Save America's Treasures

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Hillary Clinton in front of the Star Spangled Banner, one of the first Save America's Treasures Projects, 1998

Save America's Treasures is a United States federal government initiative to preserve and protect historic buildings, arts, and published works. It is a public-private partnership between the U.S. National Park Service and the National Trust for Historic Preservation. The National Endowment for the Arts, Heritage Preservation, and the National Park Foundation also are allied.

History[edit]

Save America's Treasures (SAT) was established by Executive Order 13072 in February 1998 by President Bill Clinton, in conjunction with the White House Millennium Council's activities. Instrumental in its founding was then First Lady of the United States Hillary Rodham Clinton.[1][2] Its Honorary Chair is traditionally the First Lady as designated by the President's Committee on the Arts and Humanities [3]

On December 9, 2009, First Lady Michelle Obama said “Save America’s Treasures invests in our nation’s irreplaceable legacy of buildings, documents, collections and artistic works. These awards empower communities all over the country to rescue and restore this priceless heritage, and ensure that future generations continue to learn from the voices, ideas, events and people represented by these projects.” Despite this initial endorsement, both the Save America's Treasures and the Preserve America grant programs were later eliminated by the Obama Administration.[4] On January 30, 2010, President Barack Obama in his "Tough Choices" FY 2011 Budget proposed eliminating the Save America's Treasures and Preserve America grant programs, stating that "both programs lack rigorous performance metrics and evaluation efforts so the benefits are unclear."[5] The National Trust for Historic Preservation eliminated its Save America's Treasures office in 2011 during a reorganization.

From 1999 - 2010, over $318 million dollars were awarded and matched by over $400 million dollars from other sources, resulting in the preservation of over 1200 significant historic structures and repositories of cultural heritage.[6] As of 2012, the program had been responsible for the creation of about 16,000 jobs. This corresponds to a cost of about $13,000 to create each job.[7] According to the American Architectural Foundation, although no new grants have been awarded since 2010, there are 175 ongoing SAT projects.[8]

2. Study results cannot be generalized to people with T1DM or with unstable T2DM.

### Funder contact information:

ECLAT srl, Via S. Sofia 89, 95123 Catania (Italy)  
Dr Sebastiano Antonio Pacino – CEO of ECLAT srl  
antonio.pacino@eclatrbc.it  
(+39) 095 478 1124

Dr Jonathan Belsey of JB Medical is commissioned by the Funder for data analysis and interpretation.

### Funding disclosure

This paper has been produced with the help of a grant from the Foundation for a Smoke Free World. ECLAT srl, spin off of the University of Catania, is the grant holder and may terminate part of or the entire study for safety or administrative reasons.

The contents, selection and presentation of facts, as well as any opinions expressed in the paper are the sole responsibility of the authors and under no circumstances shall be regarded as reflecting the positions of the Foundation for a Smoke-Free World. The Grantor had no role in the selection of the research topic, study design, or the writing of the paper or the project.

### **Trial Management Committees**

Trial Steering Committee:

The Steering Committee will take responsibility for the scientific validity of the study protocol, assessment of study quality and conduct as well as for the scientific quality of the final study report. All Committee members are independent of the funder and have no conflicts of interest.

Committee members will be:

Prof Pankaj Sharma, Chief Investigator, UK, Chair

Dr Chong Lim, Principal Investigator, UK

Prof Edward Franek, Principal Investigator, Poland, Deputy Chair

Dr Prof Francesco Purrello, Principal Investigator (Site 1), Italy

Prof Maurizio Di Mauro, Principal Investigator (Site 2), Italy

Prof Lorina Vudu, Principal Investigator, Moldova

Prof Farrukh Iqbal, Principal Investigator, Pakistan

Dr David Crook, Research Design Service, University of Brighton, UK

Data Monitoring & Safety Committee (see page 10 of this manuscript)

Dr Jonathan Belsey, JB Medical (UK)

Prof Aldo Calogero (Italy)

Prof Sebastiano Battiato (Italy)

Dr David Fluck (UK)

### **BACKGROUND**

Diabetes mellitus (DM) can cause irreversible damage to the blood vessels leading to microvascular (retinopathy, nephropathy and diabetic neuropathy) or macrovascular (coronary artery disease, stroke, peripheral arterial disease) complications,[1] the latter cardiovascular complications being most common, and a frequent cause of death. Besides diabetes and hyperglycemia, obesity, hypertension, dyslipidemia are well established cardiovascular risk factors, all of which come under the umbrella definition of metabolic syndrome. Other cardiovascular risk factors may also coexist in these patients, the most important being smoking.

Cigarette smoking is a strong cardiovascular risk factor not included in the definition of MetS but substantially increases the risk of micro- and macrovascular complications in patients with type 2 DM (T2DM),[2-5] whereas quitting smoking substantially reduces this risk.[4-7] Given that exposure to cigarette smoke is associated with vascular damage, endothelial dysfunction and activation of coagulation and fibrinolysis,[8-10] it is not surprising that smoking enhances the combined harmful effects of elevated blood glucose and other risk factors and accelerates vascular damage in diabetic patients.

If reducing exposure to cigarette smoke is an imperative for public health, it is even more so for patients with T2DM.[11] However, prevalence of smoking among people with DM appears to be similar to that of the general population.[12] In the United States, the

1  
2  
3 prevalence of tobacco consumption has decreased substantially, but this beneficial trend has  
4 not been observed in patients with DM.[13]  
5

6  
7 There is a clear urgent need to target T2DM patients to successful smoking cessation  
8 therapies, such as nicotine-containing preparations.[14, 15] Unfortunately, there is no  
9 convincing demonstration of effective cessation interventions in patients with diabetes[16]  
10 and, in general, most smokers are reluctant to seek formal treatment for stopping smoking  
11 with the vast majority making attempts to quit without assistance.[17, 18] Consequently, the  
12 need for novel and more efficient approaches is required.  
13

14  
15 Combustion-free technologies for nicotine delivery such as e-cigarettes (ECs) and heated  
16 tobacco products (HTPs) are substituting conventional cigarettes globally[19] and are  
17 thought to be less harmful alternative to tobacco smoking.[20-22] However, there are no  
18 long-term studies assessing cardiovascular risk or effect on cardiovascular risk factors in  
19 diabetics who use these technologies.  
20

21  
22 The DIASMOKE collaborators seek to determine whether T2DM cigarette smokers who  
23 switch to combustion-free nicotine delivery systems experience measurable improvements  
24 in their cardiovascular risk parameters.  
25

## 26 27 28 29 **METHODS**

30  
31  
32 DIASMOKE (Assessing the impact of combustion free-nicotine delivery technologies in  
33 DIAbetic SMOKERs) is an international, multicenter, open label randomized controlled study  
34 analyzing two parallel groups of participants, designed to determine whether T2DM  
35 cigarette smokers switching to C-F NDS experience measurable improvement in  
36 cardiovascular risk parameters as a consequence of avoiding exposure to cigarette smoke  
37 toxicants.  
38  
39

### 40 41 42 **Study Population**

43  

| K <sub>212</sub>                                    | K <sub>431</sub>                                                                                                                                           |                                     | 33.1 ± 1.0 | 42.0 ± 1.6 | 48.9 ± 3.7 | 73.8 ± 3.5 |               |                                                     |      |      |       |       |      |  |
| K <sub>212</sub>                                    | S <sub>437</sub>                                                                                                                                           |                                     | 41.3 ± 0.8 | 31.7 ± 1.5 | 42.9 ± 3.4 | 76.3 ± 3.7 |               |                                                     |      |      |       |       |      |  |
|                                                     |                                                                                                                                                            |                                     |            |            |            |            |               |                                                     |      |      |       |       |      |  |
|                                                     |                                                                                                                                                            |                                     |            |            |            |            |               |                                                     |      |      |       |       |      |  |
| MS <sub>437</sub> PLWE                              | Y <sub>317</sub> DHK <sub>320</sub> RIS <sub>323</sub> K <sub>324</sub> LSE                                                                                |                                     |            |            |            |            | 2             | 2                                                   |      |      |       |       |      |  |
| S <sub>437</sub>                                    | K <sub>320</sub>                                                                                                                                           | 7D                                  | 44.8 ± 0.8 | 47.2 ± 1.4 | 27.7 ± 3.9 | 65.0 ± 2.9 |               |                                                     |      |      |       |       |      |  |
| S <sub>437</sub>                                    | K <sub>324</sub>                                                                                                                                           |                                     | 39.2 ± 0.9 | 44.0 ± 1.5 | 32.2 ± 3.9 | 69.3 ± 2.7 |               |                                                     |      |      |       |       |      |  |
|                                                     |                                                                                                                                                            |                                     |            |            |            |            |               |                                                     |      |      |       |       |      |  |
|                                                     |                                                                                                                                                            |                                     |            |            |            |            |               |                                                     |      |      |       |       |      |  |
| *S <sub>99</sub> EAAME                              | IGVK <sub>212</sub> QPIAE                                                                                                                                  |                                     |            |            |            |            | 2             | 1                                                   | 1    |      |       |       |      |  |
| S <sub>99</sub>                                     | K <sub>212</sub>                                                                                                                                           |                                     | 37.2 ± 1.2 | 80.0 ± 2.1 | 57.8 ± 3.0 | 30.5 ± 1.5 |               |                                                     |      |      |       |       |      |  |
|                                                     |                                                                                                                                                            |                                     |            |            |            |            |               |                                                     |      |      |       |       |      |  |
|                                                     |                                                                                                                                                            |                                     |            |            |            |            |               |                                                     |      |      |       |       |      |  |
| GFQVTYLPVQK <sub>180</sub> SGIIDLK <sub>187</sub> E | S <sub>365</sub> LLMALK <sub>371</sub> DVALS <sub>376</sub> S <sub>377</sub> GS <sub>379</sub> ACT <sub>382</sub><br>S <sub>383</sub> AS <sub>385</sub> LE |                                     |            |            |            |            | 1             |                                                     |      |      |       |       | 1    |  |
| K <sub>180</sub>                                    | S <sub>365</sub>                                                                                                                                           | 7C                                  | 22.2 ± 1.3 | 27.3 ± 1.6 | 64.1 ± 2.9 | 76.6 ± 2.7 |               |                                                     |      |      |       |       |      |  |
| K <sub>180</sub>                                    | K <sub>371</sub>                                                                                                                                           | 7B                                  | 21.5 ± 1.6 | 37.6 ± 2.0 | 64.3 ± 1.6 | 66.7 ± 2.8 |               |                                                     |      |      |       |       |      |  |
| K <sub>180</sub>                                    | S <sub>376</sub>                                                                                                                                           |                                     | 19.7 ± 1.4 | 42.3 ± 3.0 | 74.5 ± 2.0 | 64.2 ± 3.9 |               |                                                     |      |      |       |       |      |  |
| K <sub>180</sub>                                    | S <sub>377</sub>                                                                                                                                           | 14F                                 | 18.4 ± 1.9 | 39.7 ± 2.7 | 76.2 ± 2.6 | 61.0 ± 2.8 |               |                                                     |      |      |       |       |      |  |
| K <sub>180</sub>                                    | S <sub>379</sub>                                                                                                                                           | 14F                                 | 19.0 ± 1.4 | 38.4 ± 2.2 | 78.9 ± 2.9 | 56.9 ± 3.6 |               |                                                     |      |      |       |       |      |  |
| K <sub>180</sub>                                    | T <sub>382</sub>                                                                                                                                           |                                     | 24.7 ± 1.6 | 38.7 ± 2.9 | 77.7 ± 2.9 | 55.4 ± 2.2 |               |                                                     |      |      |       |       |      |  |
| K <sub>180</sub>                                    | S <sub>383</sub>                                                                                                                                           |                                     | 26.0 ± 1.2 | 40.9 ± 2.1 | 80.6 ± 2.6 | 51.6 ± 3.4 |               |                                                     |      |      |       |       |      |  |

List of Official Projects and Awardees Chronologically and By Honorary Chairman[9][10][edit]

Hillary Clinton, Honorary Chair[edit]

1998[edit]

1999[edit]

  • The Mount, Lenox, MA ($2,865,000)
    Edith Wharton's home, The Mount, Lenox, MA, 1999 Awardee

2000 ($15 Million Awarded)[edit]

2001[edit]

2002[edit]

Laura Bush, Honorary Chair[edit]

2003 ($14.4 Million Awarded)[edit]

2004[edit]

2005[edit]

  • Rye Meeting House, Rye, NY ($50,000)

2006[edit]

2007 ($7.6 Million Awarded)[edit]

2008[edit]

  • Pittsburgh Courier Historic Archives, Pittsburgh, PA ($148,000)

2009 ($9.5 Million Awarded)[edit]

2010 ( Million Awarded)[edit]

See also[edit]

References[edit]

  1. ^ Patricia Leigh Brown. "Hillary Clinton Inaugurates Preservation Campaign". New York Times. Retrieved 2017-05-20. 
  2. ^ "'Saving America's Treasures'". CSPAN. Retrieved 2017-05-20. 
  3. ^ "IMLS ANNOUNCES SAVE AMERICA'S TREASURES GRANT AWARDS" (PDF). NEH. Retrieved 2017-05-20. 
  4. ^ "Save America's Treasures Grants". Nps.gov. Retrieved 2012-02-10. 
  5. ^ "Tough Choices | The White House". Whitehouse.gov. Retrieved 2012-02-10. 
  6. ^ "Save America's Treasures Awards 1999-2010 By State" (PDF). President’s Committee on the Arts and the Humanities. Retrieved 2017-05-17. 
  7. ^ "Save America's Treasures Update « PlaceEconomics". Placeeconomics.com. Retrieved 2012-02-10. 
  8. ^ "Save America's Treasures - Overview". American Architectural Foundation. 
  9. ^ "IMLS ANNOUNCES SAVE AMERICA'S TREASURES GRANT AWARDS" (PDF). NEH. Retrieved May 19, 2017. 
  10. ^ "'Save America's Treasures in the News'". American Architectural Foundation. Retrieved May 20, 2017. 

Further reading[edit]

  • "The economic benefits of preserving community character: a practical methodology". Joni Liethe, National Trust for Historic Preservation (1991).

External links[edit]